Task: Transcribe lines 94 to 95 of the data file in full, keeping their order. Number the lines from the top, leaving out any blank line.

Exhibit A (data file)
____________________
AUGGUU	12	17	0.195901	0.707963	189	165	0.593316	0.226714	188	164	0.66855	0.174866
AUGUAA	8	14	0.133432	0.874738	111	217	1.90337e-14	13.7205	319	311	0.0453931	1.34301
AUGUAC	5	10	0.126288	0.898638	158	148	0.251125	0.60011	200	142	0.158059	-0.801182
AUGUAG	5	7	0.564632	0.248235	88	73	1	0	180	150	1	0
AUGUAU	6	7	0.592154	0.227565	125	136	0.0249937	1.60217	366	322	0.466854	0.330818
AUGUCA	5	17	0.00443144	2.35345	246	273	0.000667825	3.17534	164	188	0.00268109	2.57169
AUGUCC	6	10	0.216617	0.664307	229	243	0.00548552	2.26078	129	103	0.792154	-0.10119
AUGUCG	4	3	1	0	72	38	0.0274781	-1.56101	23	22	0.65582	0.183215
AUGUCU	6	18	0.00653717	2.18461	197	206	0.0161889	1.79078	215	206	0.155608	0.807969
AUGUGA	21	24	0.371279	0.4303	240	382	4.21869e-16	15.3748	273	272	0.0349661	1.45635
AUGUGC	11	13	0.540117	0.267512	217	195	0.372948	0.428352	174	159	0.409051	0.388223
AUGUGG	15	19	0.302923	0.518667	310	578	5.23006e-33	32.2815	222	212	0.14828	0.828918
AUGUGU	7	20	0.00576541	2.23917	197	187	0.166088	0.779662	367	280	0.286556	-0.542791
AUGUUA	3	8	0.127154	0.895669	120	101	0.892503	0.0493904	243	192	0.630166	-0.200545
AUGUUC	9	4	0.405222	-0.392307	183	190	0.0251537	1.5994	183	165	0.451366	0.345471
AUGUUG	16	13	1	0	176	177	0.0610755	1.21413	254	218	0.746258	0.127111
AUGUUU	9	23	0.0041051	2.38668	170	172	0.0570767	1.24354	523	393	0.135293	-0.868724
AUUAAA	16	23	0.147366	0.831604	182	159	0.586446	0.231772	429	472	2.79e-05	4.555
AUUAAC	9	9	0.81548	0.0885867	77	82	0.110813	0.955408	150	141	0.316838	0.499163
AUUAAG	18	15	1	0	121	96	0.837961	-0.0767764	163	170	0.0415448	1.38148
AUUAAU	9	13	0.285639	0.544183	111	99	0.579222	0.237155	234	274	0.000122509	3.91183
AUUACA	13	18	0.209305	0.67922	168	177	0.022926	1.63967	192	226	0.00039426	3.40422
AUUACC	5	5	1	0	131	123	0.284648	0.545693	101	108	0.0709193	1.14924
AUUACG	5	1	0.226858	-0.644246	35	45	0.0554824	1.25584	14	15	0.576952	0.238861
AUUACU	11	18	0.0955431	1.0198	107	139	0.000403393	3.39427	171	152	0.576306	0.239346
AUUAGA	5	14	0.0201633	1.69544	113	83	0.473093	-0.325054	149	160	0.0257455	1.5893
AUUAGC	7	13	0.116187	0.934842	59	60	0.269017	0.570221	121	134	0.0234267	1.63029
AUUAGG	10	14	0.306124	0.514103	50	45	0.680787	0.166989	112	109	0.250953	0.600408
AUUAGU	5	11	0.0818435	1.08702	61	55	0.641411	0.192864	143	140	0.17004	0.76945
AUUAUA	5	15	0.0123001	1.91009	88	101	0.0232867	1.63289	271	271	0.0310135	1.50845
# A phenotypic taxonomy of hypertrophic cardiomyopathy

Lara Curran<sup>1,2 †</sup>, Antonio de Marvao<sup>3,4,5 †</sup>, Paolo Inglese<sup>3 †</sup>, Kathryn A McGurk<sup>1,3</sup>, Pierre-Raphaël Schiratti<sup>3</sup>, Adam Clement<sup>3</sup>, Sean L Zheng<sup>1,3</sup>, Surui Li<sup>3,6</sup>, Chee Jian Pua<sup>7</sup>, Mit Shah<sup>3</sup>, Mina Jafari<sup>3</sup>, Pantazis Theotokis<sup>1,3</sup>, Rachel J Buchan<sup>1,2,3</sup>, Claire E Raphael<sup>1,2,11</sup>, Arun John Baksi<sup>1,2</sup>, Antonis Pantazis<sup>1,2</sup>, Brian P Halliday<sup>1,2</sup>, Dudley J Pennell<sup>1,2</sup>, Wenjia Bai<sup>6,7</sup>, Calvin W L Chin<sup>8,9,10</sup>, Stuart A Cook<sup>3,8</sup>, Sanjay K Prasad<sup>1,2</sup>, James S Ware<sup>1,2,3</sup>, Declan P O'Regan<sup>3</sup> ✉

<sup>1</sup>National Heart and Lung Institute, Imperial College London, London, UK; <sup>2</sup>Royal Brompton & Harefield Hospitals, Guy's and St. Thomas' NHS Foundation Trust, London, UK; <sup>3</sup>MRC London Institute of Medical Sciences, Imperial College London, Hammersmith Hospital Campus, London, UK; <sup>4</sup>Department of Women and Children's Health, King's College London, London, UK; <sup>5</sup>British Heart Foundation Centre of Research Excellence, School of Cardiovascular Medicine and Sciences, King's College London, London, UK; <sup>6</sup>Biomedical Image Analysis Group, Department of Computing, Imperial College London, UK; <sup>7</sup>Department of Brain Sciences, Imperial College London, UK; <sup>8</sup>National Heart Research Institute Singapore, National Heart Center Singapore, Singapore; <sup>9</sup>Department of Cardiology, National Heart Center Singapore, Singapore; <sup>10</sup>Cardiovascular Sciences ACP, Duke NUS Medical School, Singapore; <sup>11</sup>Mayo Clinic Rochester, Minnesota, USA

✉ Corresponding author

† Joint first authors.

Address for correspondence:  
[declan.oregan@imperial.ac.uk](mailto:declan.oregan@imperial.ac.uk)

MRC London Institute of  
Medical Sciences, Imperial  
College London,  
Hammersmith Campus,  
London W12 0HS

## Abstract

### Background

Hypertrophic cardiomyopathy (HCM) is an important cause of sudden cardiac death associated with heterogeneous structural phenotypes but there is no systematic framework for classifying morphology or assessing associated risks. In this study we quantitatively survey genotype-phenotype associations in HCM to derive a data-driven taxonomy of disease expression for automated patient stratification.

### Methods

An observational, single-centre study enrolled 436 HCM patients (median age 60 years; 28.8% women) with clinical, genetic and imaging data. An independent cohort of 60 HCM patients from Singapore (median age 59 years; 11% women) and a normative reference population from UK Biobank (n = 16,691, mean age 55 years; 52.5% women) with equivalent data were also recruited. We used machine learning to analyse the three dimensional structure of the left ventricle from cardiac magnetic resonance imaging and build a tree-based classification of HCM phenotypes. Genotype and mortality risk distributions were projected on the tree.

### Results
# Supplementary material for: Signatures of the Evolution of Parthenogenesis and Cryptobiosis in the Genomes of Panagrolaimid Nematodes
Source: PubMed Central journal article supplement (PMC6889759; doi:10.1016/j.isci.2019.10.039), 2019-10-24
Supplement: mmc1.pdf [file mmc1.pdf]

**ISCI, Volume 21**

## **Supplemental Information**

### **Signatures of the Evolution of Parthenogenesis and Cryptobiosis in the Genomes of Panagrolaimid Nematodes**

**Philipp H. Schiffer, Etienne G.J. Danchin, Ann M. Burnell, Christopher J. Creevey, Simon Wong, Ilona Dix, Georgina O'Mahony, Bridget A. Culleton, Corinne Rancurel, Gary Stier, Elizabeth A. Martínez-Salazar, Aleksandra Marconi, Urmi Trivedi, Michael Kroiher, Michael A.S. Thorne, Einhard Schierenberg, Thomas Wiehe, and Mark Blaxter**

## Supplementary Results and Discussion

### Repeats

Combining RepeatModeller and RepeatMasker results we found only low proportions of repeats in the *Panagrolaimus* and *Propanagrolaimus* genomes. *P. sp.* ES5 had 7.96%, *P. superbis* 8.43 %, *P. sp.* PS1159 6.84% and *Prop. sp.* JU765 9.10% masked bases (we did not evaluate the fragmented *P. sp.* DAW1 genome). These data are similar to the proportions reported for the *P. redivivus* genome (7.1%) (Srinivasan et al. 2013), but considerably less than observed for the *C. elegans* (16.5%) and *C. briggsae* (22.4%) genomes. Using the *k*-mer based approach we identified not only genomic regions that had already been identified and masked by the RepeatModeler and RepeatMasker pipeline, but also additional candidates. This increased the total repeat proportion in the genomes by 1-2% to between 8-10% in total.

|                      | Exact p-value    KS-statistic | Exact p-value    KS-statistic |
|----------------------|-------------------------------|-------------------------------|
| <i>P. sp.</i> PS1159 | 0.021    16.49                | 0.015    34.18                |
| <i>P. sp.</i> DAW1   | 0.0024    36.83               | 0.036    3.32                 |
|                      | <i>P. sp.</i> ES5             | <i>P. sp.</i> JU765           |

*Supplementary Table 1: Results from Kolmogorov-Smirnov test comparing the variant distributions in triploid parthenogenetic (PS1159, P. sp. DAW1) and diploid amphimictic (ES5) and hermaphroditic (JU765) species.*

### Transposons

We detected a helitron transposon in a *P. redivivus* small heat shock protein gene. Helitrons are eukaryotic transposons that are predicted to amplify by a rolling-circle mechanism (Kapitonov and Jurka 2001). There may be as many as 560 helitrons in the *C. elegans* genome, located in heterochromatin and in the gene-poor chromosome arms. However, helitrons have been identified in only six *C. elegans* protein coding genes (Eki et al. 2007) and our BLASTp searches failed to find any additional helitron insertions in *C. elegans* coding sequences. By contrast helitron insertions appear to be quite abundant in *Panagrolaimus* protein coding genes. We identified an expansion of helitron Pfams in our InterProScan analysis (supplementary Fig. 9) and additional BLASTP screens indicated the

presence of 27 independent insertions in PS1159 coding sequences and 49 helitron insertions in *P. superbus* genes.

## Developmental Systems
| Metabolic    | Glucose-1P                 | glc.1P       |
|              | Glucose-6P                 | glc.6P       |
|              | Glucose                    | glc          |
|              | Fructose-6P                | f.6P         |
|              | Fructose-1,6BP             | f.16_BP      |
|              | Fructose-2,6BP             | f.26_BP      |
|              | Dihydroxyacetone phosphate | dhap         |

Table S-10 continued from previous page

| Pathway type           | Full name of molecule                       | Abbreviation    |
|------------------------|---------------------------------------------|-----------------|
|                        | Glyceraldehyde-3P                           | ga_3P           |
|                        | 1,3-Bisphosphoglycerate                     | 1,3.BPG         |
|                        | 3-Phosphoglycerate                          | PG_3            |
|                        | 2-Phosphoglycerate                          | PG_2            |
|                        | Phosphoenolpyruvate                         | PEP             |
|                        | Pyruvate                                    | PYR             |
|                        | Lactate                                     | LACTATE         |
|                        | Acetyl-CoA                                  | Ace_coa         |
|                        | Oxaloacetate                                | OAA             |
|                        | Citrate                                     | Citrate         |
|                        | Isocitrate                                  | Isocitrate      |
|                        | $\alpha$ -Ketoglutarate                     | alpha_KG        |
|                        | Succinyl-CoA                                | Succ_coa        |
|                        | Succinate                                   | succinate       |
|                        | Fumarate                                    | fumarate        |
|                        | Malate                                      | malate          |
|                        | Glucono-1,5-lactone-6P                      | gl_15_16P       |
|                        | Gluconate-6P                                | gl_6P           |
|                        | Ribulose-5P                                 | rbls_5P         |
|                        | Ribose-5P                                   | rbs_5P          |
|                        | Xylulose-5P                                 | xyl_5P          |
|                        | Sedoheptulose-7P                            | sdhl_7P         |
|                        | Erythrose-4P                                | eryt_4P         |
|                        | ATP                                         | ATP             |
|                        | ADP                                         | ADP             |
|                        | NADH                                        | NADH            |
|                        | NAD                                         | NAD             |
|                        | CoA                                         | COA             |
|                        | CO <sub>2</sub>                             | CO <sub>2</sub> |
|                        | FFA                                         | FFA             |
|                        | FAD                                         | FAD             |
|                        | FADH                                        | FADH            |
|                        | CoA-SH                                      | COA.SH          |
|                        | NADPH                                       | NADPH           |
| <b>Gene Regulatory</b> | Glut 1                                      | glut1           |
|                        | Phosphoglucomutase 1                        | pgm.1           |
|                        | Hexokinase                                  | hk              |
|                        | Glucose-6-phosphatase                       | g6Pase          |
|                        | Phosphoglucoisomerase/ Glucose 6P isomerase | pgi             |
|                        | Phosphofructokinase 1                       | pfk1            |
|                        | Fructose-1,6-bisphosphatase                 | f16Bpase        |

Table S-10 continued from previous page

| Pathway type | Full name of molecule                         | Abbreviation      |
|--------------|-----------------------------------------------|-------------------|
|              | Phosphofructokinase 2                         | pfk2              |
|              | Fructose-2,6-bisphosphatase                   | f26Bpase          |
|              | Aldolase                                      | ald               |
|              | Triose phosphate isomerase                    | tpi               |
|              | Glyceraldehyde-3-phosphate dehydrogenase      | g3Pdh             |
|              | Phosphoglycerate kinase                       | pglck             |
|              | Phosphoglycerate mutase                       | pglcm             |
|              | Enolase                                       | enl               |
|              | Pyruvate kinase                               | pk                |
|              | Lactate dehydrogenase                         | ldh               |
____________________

|                        | Malate                                      | malate          |
|                        | Glucono-1,5-lactone-6P                      | gl_15_16P       |